In order to help us get through the day, our body uses different methods to provide the fuel needed by the muscles. The higher a person’s metabolic rate is, the higher the carbon dioxide they produce. Mosquitos use carbon dioxide to zoom in on their subjects and if you are someone who produces a lot of carbon dioxide, then mosquitos will find you attractive. The effect also doubles when you are working out, which causes your muscles to produce lactic acid.
When you are jogging, hiking or simply walking outdoors, it makes it easier for mosquitos to find you since you are moving. Additionally, body temperature also plays a huge role. The higher a person’s body temperature, the more likely they are to be attractive to the pesky pets. (source)
Wearing fruity, floral scents and fragrances will also make you attractive to them.
Some people think that using fruity, floral scents to mask body odor will hide them from mosquitos. Studies show that using perfumes and fragrances actually add to the pests’ attraction, unless you are using Victoria’s Secret Bombshell Eau de Parfum; which was found to be repel mosquitoes better than top mosquito repellents on the market. According to one study, the best insect repellents are those that have at least 15% DEET, a chemical which helps ward off the insects. Apart from that, mosquitos are also extremely active during dawn and dusk, when the humidity levels are highest and the winds are calm. Experts suggest using a powerful fan near you to increase wind speed around you, making it hard for mosquitos to maneuver around. (source)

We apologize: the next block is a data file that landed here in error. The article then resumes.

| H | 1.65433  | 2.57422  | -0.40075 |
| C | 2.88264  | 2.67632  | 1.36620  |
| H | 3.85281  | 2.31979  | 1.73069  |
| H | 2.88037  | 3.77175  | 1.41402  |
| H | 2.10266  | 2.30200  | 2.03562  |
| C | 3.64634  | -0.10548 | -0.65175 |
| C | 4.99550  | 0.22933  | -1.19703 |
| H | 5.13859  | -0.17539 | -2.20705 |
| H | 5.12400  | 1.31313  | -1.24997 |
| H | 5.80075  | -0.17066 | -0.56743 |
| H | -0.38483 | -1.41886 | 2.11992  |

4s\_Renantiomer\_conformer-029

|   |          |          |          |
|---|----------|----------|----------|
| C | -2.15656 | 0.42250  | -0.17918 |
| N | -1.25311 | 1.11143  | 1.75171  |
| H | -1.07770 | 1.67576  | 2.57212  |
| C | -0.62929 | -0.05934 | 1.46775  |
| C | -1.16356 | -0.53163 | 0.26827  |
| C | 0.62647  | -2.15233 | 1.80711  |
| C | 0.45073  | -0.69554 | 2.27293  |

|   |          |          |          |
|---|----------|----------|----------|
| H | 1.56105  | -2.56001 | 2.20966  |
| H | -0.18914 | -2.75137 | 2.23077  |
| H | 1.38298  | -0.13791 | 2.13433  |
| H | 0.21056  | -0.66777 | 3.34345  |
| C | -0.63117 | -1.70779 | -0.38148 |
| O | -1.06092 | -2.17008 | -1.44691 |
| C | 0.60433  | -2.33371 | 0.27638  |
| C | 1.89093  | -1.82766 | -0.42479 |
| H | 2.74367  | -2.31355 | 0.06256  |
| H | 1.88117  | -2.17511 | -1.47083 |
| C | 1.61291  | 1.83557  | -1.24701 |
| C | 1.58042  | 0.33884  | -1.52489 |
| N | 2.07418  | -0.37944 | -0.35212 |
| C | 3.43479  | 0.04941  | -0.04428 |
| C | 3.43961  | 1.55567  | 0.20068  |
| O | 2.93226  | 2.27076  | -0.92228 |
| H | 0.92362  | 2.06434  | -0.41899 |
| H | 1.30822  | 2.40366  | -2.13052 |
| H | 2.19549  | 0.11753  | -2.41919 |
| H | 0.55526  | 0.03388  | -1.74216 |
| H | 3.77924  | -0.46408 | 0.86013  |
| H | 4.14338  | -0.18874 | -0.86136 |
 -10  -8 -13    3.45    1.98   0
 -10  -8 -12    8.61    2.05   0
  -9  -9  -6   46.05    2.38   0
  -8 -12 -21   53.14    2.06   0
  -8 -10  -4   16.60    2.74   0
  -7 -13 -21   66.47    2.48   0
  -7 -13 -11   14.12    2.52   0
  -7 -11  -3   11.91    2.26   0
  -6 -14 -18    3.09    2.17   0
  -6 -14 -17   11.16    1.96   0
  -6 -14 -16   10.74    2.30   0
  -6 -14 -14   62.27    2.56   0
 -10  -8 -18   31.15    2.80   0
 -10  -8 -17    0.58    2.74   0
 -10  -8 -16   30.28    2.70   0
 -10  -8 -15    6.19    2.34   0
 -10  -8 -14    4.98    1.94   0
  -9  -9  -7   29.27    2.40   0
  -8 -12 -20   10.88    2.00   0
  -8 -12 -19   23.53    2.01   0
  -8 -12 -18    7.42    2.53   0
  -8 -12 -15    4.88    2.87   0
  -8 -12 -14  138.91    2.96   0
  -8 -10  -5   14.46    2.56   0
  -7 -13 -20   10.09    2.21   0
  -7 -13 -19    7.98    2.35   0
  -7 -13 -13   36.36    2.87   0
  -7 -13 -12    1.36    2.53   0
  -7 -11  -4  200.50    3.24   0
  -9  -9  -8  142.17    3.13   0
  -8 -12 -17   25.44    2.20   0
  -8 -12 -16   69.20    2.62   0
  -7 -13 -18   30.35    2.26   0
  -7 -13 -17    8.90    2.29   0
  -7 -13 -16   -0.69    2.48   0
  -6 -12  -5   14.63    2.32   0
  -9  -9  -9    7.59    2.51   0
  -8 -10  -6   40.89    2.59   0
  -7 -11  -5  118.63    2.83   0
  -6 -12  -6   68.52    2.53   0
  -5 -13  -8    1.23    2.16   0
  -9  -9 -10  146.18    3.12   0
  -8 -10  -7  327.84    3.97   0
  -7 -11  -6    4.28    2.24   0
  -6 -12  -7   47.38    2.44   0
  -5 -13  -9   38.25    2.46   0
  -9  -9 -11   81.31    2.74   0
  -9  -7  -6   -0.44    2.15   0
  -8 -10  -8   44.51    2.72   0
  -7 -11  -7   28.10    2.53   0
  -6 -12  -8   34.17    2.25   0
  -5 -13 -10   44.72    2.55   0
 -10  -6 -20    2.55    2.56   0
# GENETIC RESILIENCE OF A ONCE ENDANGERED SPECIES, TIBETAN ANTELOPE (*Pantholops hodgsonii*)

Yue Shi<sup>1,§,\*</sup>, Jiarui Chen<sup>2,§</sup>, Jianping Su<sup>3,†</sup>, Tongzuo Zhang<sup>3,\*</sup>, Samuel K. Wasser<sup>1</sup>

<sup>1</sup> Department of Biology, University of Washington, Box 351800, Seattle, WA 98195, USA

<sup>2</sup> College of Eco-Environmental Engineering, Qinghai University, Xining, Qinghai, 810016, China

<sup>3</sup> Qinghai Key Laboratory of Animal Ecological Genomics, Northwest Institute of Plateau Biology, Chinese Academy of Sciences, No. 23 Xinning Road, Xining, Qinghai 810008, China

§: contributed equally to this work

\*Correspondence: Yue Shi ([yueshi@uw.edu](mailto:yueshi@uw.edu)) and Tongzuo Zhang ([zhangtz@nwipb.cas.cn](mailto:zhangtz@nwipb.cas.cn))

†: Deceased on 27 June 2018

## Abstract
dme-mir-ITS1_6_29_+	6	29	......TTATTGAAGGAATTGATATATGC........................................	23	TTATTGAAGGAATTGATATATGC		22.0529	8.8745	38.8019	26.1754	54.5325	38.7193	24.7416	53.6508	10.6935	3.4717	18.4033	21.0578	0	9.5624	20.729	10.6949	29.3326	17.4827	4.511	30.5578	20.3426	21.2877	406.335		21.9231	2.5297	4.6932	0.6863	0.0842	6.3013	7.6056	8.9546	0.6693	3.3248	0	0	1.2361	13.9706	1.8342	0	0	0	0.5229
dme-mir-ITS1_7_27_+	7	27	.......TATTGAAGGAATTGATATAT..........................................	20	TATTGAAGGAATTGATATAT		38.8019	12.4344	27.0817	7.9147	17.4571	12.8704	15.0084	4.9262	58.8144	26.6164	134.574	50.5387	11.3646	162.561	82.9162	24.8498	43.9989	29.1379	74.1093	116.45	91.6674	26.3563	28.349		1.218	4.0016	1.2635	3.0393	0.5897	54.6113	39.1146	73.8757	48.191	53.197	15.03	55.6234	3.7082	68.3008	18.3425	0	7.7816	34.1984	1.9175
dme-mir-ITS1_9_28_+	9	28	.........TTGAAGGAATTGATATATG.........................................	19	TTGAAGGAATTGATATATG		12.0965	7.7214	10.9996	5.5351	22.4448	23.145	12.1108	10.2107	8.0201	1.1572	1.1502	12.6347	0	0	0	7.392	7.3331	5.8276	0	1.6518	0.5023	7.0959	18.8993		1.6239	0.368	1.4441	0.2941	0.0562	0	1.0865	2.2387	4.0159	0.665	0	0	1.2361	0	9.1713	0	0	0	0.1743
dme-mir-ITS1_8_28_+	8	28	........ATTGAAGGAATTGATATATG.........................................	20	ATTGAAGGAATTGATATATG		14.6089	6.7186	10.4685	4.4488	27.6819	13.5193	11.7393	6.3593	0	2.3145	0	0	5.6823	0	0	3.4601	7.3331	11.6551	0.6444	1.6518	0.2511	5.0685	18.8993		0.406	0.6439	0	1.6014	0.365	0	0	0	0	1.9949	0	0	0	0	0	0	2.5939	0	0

They also rely on skin bacteria and the color of your clothes to determine whether you are a target.
According to Jonathan Day, a professor of medical entomology at the University of Florida, there are two main reasons why some people are mosquito magnets, and they involve sight and smell. Day explains that mosquitoes are “highly visual,” especially in the late afternoon hours. So, during this time period, they go for what is easily visible for them. If you are someone who prefers dark colors, including blue, red, or black, you would become an easy target. Moving around wearing such colors can especially be troublesome since they are able to understand that it’s a human being. According to Day, wearing light colors and breathable fabrics when hiking, running and biking can help avoid detection. (source)